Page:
Economic, environmental and other benefits of urban gardening






The United Nations (UN) agency, the Food and Agriculture Organization (FAO), is widely believed to be associated with country-specific agriculture involving the production of grains and staple foods. Far from it, its range and reach extends even to urban gardening, including the rooftop category. The latest news, not covered by major newspapers published in the capital, is that FAO will fund an urban gardening program in the areas of Dhaka South City Corporation (DSCC) and Dhaka North City Corporation (DNCC), Narayanganj and Gazipur city corporations . Proshika Manobik Unnayan Kendra will be in charge of technical and logistical support for the development of no less than 5,000 urban gardens in these four municipal areas.

Previously, FAO had provided similar support for rooftop gardening in the capital. This time, the gardening or urban agriculture program should be extended and cover both urban and peri-urban spaces available for growing complementary foods to reduce reliance on vegetables and fruits especially from the kitchen market. .

Many people are likely to reject the idea of ​​producing a substantial amount of these foods in a crowded city like Dhaka. This is because the concept of gardening for them is not at all clear and, therefore, ridiculous. But urban agriculture is not a figment of the imagination, it is real and can adequately sync with the Prime Minister’s emphasis on using all available space to produce food to to ensure the country’s food self-sufficiency or food security.

The broad concept of urban gardening encompasses not only the practice of growing leafy and other vegetables and fruits, but also animal husbandry, aquaculture, agroforestry, urban beekeeping and horticulture. A few young entrepreneurs have now successfully developed cattle and dairy farms in peri-urban areas. Similarly, the development of vegetable farms and urban orchards is quite possible on fallow land in these areas. These farms certainly have an advantage over their counterparts in remote districts in processing and distributing food in and around urban areas.

Admittedly, in Dhaka city, proper community gardens may seem anathema, but in peri-urban areas such as Keraniganj as well as Narayanganj and Gazupur, such projects are more than achievable. The definition of urban agriculture also includes aquaponics or hydroponics programs that can easily be practiced in the back yard or on portions of front lawns of private residences.

In addition to providing organic native vegetables and fruits, such arrangements can help maintain a natural cooling system in the surrounding areas. If the majority of the inhabitants opt for this type of gardening or horticulture, the temperature in the locality will remain much lower by a few degrees, allowing them to use their air conditioner sparingly. It does not exclude indoor greenhouses, balconies and patios. Thus, those who reject the idea can review their conceptual limits.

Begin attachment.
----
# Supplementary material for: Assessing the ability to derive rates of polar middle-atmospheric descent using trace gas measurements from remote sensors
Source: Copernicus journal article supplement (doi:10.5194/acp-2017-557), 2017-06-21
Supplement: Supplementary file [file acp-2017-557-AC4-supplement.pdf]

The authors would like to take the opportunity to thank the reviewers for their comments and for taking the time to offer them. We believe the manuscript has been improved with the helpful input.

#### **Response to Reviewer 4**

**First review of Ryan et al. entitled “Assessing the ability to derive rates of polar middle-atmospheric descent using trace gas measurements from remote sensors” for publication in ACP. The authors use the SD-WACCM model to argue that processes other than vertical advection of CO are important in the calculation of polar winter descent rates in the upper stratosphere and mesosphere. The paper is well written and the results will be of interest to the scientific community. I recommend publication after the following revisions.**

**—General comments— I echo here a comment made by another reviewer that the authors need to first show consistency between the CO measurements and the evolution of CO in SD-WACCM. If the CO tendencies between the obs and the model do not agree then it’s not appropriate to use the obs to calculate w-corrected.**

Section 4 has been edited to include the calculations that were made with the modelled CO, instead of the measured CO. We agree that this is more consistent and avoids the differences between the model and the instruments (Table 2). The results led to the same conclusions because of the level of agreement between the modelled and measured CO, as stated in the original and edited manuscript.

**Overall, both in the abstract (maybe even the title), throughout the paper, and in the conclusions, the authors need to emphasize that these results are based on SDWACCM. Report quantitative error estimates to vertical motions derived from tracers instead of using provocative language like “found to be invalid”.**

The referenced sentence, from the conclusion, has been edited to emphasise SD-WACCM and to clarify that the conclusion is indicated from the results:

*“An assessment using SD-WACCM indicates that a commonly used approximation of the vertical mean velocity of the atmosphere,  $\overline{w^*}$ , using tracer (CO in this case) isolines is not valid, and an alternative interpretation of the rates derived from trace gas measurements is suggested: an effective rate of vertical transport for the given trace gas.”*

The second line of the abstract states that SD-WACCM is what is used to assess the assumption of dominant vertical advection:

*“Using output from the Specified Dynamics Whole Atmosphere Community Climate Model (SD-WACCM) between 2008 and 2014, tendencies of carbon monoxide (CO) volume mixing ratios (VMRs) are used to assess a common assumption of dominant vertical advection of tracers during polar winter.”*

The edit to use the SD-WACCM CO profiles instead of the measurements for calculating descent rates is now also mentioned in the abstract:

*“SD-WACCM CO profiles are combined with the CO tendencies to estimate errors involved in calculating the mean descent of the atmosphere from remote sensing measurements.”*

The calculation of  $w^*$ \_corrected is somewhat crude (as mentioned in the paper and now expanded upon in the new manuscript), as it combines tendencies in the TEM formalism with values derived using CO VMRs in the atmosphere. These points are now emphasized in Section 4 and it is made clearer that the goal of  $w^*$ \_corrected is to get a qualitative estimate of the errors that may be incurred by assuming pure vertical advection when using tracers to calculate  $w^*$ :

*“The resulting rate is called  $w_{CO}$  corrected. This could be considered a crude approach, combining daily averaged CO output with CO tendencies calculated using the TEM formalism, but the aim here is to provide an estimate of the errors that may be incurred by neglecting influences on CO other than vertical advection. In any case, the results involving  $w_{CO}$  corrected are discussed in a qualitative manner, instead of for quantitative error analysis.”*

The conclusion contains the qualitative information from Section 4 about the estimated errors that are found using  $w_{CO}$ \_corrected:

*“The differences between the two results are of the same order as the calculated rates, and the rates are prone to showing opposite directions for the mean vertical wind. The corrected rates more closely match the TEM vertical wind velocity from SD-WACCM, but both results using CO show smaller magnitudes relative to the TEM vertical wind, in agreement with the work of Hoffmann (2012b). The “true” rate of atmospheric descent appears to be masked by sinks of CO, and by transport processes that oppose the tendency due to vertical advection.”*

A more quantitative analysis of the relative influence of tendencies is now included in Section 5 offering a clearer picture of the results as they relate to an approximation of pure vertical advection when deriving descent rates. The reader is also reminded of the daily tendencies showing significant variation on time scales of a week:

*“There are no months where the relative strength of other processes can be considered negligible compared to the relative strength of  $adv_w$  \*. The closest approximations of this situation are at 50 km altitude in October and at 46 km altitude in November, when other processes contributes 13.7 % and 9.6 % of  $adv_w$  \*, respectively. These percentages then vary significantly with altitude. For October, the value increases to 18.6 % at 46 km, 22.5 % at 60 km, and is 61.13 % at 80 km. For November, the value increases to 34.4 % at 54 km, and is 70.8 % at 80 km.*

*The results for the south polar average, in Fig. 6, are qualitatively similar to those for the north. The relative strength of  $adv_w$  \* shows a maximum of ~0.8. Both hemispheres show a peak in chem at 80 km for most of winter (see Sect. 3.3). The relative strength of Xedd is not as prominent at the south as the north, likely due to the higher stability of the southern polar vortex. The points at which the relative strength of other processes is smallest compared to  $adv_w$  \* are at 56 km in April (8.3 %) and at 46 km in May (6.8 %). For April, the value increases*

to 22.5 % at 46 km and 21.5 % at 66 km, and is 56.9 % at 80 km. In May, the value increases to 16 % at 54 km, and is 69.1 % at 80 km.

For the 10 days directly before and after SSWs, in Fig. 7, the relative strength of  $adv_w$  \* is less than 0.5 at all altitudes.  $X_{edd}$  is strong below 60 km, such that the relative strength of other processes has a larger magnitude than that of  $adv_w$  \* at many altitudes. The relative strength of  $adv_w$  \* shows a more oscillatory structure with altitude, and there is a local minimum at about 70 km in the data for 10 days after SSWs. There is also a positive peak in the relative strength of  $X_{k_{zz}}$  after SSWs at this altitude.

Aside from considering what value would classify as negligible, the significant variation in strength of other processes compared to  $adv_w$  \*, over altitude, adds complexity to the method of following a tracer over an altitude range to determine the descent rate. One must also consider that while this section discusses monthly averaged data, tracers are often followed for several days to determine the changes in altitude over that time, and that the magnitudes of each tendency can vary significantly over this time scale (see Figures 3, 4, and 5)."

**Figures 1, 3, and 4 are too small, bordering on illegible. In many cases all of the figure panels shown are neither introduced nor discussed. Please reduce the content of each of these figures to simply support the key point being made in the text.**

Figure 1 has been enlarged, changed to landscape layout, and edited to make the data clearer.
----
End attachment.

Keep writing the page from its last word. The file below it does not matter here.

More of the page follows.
As for livestock, raising chickens, if not running poultry farms, in urban residences is not uncommon. Aquaculture is an almost unprecedented urban practice, but the few lakes have long been used for this purpose. This program can be implemented in the few remaining water bodies of the capital. But Gazipur is an ideal place for this.

Already, the super-rich and wealthy have built sorts of personal holiday resorts in Gazipur, where the sprawling landholding is used for a kind of organic farming. For ordinary citizens, this is unimaginable. It is precisely at this stage that the initiative taken by FAO and Proshika can prove most useful for the poor.

The official launch of the project titled “Promoting Urban Gardening by the Urban Poor in Four Cities” at a ceremony held in Khamar Bari, Farmgate last Tuesday may prove to be a game-changer in the availability of additional food but highly nutritious and safe for ordinary city dwellers. Proshika will train 250 trainers from the impoverished community, who in turn will train and support 5,000 targeted beneficiaries to develop urban gardens. Elected officials and members of local communities will be involved in the whole process.

About the merit of the project, there is practically no doubt, but how it will be executed will decide the prospect of such an amazing initiative. The local urban economy varies by light years, with slums faring worse than villages in terms of poverty, health and hygiene indices. The urban gardening program has the potential to improve this condition to a great extent.

Besides physical activities such as digging, shoveling and watering that burn calories, there is an emotional aspect associated with gardening. Along with reducing the carbon footprint, the bonding element that develops between plants and humans is known as “horticultural therapy”. The plant-human bond or relationship developed in the process is unique with a calming effect on those involved in this semi-amateur and recreational occupation.

The city of Dhaka cannot expect to have anything similar to the forests of Bangalore, but it can certainly see its green covers improved many times over if urban gardening is brought to a desirable level and boulevards are developed for the complete. The 10 degrees Celsius higher temperature in the city compared to the countryside, as revealed by a recent study, certainly demands such initiatives if Dhaka is to maintain its quality of life.

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Terri S. Tomasini